The ducks were barely visible on the icy, shifting sea. Gray-black and white, they dove and splashed, necks extended and heads down on the water, wings beating and sending froth over each other. Occasionally a long, thin tail was visible against the stormy waves. The water temp was in the mid-thirties and the wind was blowing at twenty to thirty miles per. They really didn’t seem to notice or mind, though. These were sea-dwelling long-tailed ducks.
Long-tailed ducks spend their lives in the far north. They breed in Alaska and the territories north of Canada, coming down to winter off our shore. Even when they are here, they usually stay far out from land; a boat or a big storm is necessary in order to see them. After our big blow a few weeks ago, three long-tailed ducks were seen just off the infamous Parking Lot C in Fort Stevens State Park near Astoria. I didn’t get there before they moved on. Instead, I traveled to the Straits of Juan de Fuca, just off Sequim to see my lovely ducks.
There was a small flock of six. They were so far out in the Strait that at first, I couldn’t say ‘long-tailed duck’ for sure. Patience paid off though, and either the incoming tide pushed them in, or they moved in for better fishing. A good, long look through the scope reveled that it looked like they were playing, splashing and chasing each other. Probably early courting behavior.
We ducked happily into the car and savored our find over a cup of hot coffee. Winter often looks so much more welcoming from a warm, dry place!
Harlequin ducks are aptly named because they are artfully designed with a series of bright lines, dots and splotches on a dark background. These, too, are hearty ducks that prefer to be at sea in the winter. In the summer, though, they love high mountain streams that run fast and deep through the northwest forests. They will build a nest on a steep bank over the water and raise their ducklings. These little guys will learn to surf the rapids with their parents. They can be seen, vibrant little puffs rocketing along in the white water behind mother.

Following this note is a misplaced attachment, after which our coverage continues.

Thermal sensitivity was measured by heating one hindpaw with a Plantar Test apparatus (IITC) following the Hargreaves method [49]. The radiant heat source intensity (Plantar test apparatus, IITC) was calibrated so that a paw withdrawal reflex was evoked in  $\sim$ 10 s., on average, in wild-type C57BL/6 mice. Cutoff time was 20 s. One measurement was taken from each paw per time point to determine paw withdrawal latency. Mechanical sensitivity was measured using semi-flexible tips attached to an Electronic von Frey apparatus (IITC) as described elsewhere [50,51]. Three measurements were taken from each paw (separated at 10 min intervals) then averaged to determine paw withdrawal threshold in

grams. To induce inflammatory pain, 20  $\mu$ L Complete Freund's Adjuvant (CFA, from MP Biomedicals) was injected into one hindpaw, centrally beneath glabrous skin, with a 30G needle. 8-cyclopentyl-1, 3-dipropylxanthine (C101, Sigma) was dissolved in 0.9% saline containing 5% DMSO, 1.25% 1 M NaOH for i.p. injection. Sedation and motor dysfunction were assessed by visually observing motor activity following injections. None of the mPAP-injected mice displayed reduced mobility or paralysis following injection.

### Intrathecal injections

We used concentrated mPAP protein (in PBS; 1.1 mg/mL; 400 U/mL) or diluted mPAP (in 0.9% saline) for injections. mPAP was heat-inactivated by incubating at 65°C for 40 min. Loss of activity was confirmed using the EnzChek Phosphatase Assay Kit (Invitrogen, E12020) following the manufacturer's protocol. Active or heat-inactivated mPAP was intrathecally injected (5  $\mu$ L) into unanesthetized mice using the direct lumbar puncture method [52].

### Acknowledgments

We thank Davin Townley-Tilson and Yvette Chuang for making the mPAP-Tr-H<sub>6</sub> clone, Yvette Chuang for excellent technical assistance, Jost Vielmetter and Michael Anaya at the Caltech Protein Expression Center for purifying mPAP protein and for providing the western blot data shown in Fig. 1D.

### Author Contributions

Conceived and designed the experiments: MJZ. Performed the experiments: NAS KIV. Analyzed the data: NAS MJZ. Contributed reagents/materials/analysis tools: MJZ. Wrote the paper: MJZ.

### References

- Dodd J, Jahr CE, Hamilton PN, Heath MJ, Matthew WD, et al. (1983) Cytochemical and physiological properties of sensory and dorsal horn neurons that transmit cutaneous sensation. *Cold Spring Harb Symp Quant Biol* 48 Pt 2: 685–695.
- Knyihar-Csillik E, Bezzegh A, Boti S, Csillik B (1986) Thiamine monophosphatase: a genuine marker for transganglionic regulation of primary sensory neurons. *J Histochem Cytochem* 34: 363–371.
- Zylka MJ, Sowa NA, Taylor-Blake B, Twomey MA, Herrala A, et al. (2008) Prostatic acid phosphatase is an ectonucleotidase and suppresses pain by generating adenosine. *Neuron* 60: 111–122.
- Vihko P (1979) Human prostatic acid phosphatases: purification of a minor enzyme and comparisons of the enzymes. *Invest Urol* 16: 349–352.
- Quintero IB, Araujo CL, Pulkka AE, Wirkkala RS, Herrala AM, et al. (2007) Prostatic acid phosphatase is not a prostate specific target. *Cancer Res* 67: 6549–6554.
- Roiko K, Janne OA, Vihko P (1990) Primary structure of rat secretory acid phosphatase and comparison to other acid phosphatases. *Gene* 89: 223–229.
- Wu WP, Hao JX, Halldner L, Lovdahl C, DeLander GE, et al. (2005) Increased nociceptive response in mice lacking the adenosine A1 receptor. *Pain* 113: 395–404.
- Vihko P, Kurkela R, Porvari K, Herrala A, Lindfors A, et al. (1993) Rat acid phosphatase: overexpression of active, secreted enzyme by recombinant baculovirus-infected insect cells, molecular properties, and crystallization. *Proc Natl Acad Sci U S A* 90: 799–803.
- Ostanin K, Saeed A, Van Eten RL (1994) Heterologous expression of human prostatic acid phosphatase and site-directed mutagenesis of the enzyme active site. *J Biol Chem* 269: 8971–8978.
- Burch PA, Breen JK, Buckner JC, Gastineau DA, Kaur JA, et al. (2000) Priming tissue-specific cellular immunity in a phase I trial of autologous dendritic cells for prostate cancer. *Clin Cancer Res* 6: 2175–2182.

I first saw harlequins on a long hike to a northern river one hot July day. The mosquitoes almost carried us off before we got to see the ducks. These kinds of hikes are chancy, because there is no guaranteed bird at the end. So, you learn to appreciate the journey, bugs and all. We reached a place on the trail where, if you looked way over, we could see rocks jutting into the river. Harlequins had been seen here before, and pairs often will return very close to prior nesting sites. So it wasn’t exactly a miracle, but it felt like one, when we spotted the hen harlequin and her brood of four. She was settled watchfully on a rock near the roaring water and her little ones bounced and chased each other in and out of the torrent. We were so far above, and the water was so loud, that we didn’t disturb the family.
When winter comes, harlequins move to the ocean and again, like to hang out around rocky, turbulent shores and jetties. Jetties along our coast and even farther south are always good places to check. The ducks will be loafing in the water close to the rocks, or perched very near.
Closer to home, the mallards, hooded mergansers and a scattering of wood ducks are loafing on the lee side of the pond. There is no wind to riffle the water, and the long grasses have all turned golden in the cold. It’s late afternoon and the flock is beginning to settle in for a chilly night. There is soft talk, and an occasional squeak from a wood duck. A heron floats by, low to the water. He gives his low, prehistoric-sounding squawk as he passes. Another winter day is fading and the flock moves a bit tighter for security and warmth. A pale quarter moon sails through the thin clouds and all is good in the world.